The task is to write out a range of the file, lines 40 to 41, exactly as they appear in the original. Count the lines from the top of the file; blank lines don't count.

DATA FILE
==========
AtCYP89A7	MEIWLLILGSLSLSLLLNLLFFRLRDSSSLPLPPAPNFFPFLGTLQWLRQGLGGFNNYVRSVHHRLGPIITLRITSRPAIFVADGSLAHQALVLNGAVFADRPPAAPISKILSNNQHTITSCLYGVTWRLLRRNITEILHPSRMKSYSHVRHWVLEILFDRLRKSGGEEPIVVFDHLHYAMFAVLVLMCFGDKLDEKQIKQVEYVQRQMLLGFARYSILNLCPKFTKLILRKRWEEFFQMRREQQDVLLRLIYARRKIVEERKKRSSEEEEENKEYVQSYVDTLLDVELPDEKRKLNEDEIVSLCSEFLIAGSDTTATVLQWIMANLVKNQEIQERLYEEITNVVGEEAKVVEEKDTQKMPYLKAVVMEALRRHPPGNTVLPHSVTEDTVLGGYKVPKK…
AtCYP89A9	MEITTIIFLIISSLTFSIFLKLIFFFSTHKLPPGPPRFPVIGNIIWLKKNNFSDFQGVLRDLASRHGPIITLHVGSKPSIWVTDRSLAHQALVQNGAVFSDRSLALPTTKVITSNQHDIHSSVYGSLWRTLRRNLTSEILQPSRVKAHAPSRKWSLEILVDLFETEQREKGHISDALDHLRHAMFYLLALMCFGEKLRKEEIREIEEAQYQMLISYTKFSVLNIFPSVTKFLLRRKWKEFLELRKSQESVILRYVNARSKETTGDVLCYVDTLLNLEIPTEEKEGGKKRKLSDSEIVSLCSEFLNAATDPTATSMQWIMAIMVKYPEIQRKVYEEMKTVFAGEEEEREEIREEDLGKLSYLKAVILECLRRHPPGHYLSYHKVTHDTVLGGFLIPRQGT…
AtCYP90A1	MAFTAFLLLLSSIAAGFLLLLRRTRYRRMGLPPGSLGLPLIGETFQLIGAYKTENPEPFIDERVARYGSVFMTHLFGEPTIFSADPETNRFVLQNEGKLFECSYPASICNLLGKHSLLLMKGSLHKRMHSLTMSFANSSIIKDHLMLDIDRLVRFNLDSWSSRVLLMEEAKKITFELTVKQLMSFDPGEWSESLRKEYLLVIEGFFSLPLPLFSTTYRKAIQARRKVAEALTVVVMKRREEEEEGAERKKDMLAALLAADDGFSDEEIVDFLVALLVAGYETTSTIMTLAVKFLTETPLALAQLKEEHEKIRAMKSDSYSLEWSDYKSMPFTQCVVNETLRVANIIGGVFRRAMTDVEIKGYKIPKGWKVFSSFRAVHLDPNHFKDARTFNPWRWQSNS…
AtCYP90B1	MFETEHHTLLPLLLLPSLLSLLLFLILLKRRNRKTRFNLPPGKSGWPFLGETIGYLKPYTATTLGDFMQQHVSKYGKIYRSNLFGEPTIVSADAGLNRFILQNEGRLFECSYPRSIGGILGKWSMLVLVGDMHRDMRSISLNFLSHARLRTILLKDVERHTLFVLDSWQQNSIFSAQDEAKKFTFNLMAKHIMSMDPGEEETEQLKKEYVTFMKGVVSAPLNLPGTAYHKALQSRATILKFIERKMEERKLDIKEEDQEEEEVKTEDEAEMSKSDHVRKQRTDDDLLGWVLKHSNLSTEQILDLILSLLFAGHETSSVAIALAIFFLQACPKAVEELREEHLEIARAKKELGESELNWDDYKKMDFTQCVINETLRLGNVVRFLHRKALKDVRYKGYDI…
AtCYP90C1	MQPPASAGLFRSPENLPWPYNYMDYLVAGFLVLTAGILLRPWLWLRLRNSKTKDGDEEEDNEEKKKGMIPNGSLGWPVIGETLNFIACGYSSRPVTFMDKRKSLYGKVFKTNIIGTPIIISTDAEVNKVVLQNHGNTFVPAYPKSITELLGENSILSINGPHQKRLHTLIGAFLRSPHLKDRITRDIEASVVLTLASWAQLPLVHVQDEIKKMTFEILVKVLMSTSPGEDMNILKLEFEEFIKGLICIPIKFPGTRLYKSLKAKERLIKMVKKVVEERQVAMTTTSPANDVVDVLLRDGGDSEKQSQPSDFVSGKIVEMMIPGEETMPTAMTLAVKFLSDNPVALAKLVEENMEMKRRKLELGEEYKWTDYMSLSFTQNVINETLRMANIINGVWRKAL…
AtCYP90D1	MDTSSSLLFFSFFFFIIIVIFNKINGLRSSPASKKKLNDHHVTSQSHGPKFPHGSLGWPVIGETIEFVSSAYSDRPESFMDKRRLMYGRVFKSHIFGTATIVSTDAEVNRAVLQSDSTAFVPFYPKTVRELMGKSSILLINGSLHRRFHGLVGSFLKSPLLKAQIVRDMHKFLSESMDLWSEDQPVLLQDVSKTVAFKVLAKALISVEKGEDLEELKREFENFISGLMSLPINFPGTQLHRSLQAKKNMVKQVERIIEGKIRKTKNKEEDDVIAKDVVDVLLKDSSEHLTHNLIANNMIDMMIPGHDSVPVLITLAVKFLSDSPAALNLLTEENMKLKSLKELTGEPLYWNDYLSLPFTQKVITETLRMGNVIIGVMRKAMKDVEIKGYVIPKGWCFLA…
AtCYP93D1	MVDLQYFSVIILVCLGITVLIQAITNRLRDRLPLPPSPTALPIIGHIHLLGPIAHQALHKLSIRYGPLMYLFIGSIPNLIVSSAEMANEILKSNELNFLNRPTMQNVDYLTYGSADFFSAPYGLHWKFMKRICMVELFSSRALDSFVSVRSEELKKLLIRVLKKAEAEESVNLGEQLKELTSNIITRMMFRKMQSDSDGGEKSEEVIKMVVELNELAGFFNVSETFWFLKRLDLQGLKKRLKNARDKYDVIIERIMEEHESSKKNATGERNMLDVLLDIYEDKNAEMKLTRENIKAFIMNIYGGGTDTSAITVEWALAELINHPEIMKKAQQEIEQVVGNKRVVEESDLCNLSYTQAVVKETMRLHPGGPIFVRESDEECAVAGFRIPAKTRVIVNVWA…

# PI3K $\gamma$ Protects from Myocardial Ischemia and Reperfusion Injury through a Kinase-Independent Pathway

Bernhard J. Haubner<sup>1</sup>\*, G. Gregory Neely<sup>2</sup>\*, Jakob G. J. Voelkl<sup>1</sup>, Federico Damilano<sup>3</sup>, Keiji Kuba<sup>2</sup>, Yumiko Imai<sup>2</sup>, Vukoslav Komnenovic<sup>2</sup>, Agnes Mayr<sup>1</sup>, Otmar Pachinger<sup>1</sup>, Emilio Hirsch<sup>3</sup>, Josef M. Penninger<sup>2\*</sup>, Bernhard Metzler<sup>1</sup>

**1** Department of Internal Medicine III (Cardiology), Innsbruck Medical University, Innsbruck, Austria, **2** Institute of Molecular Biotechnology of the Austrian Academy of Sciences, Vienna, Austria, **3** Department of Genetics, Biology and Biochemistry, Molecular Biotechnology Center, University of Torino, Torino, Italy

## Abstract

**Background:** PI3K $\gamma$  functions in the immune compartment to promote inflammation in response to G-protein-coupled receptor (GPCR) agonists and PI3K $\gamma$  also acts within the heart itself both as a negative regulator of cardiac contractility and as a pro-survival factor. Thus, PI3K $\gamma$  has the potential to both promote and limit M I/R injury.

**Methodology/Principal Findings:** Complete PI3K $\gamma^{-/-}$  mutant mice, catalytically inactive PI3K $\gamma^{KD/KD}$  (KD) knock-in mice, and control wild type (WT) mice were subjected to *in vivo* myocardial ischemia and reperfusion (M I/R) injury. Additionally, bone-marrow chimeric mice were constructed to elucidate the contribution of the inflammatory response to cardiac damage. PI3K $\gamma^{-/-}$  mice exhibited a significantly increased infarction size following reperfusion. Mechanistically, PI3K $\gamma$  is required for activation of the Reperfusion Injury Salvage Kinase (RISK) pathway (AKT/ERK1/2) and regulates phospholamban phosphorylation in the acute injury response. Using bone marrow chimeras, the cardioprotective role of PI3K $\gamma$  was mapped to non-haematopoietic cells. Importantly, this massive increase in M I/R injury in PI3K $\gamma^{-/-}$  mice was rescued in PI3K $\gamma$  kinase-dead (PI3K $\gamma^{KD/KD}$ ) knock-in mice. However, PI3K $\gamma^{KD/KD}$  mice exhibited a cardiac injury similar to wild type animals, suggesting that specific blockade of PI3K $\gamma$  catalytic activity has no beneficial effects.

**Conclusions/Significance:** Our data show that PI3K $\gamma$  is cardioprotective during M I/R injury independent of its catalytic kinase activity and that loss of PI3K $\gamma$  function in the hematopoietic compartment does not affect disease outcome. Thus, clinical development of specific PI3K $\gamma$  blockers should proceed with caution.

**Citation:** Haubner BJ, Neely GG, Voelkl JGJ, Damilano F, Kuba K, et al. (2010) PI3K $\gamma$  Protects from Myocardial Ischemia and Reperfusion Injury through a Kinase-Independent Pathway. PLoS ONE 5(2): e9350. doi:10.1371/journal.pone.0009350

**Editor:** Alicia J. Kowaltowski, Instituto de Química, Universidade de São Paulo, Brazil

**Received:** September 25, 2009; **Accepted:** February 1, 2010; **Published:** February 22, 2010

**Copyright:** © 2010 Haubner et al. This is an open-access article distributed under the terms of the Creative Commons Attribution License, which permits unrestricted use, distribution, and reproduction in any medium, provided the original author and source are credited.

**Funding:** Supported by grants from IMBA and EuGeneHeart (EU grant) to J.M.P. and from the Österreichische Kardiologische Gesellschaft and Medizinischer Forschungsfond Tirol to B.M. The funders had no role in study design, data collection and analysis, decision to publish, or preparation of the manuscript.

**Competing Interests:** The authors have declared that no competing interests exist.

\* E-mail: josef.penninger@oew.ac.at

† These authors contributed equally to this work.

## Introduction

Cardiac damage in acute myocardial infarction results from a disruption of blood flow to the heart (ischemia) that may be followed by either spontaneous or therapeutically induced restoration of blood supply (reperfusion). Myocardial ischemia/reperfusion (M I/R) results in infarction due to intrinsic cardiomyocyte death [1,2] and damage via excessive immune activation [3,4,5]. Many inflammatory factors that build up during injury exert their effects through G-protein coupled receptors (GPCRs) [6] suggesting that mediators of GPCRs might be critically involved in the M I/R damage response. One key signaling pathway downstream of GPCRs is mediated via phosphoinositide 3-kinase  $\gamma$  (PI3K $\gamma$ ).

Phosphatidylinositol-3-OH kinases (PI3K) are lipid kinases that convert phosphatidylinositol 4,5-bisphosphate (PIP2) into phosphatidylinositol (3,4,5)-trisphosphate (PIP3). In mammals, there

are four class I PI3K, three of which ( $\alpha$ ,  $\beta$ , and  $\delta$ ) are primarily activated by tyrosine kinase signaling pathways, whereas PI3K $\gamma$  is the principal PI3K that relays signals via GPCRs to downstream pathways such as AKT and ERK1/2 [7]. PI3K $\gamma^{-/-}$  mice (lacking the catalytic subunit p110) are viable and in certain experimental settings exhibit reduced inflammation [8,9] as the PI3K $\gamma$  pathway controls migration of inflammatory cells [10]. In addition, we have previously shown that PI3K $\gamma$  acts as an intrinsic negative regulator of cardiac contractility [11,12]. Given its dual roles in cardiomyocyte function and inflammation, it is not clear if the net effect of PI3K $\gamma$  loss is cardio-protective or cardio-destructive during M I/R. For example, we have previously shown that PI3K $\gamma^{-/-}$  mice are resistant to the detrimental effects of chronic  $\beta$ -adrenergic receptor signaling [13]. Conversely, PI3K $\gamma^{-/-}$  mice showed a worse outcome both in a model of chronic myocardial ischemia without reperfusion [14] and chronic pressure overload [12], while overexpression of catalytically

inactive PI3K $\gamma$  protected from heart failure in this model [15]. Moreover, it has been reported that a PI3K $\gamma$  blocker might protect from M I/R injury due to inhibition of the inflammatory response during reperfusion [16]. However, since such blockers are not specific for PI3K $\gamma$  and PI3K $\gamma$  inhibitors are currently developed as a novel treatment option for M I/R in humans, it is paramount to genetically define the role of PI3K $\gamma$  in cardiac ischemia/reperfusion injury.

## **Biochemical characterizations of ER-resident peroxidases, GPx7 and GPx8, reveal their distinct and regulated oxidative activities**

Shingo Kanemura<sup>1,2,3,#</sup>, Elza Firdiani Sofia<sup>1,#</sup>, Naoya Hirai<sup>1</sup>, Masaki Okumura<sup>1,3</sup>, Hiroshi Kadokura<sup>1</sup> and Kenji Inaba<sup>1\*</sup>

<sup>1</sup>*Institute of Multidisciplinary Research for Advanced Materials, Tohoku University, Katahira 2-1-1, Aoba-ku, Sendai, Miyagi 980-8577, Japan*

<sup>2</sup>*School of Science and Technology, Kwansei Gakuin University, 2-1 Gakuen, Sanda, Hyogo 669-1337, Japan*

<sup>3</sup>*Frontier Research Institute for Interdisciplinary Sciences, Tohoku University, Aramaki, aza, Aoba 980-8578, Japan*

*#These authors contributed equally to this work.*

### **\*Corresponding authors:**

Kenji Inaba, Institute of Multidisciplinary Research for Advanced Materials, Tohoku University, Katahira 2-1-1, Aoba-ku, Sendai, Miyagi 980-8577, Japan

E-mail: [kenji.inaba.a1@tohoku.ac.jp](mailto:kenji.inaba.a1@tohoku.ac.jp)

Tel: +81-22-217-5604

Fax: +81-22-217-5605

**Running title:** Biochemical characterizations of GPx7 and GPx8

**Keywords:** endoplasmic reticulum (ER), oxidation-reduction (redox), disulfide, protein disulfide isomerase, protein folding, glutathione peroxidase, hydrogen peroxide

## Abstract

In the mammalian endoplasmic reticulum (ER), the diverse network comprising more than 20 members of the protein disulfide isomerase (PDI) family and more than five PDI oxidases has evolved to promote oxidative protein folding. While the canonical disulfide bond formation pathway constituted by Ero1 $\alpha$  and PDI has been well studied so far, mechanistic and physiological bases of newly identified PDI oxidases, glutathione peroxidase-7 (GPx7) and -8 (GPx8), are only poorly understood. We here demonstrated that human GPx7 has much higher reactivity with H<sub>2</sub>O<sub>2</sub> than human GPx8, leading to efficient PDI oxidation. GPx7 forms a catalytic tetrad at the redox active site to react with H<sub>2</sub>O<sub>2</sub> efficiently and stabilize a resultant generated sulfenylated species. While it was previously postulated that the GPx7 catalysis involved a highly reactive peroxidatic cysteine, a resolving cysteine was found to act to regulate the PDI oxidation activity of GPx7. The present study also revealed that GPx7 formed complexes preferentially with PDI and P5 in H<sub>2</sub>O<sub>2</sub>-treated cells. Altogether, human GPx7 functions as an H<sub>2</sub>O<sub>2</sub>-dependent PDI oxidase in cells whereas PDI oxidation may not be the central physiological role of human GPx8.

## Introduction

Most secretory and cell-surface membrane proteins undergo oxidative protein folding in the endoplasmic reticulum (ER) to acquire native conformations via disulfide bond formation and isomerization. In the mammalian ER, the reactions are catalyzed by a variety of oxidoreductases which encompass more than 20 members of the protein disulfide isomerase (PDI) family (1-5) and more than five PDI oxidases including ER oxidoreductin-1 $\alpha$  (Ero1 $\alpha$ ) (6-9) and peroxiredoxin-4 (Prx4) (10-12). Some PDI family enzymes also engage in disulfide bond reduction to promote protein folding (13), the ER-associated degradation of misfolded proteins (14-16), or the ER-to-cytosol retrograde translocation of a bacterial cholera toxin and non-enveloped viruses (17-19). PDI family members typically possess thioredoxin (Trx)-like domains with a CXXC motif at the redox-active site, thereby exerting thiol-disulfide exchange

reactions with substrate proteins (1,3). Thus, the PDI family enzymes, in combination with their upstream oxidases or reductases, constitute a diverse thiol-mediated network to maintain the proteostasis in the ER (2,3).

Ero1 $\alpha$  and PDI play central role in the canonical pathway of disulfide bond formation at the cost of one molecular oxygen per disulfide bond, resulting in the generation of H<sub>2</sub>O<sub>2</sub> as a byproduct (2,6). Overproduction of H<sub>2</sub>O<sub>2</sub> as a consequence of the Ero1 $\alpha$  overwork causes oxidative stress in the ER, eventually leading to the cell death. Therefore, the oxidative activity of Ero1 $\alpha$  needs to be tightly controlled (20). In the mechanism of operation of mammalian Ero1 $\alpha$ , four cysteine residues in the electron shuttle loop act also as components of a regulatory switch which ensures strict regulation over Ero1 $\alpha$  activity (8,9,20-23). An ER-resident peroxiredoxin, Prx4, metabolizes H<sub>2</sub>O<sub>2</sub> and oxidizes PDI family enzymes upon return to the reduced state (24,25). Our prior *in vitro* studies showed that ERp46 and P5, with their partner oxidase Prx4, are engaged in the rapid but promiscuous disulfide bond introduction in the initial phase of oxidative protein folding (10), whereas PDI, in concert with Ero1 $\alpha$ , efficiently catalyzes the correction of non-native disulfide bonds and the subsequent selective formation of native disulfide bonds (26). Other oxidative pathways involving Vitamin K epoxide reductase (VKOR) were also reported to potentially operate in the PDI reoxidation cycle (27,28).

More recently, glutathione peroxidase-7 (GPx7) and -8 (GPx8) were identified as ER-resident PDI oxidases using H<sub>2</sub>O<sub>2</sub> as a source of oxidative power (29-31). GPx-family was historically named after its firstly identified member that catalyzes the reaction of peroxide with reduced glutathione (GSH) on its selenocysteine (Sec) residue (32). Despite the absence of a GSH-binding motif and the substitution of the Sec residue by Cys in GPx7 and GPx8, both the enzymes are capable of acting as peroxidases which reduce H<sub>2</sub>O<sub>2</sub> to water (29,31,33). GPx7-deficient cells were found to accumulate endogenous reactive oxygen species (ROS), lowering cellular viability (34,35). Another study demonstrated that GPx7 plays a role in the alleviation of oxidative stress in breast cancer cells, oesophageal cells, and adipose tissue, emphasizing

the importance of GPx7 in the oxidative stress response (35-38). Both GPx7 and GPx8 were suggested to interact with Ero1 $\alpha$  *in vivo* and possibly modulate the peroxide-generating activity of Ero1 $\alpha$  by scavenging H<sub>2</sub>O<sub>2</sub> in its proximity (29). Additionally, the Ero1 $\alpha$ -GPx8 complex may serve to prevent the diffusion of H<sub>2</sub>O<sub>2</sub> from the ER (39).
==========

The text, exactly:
**Keywords:** endoplasmic reticulum (ER), oxidation-reduction (redox), disulfide, protein disulfide isomerase, protein folding, glutathione peroxidase, hydrogen peroxide

## Abstract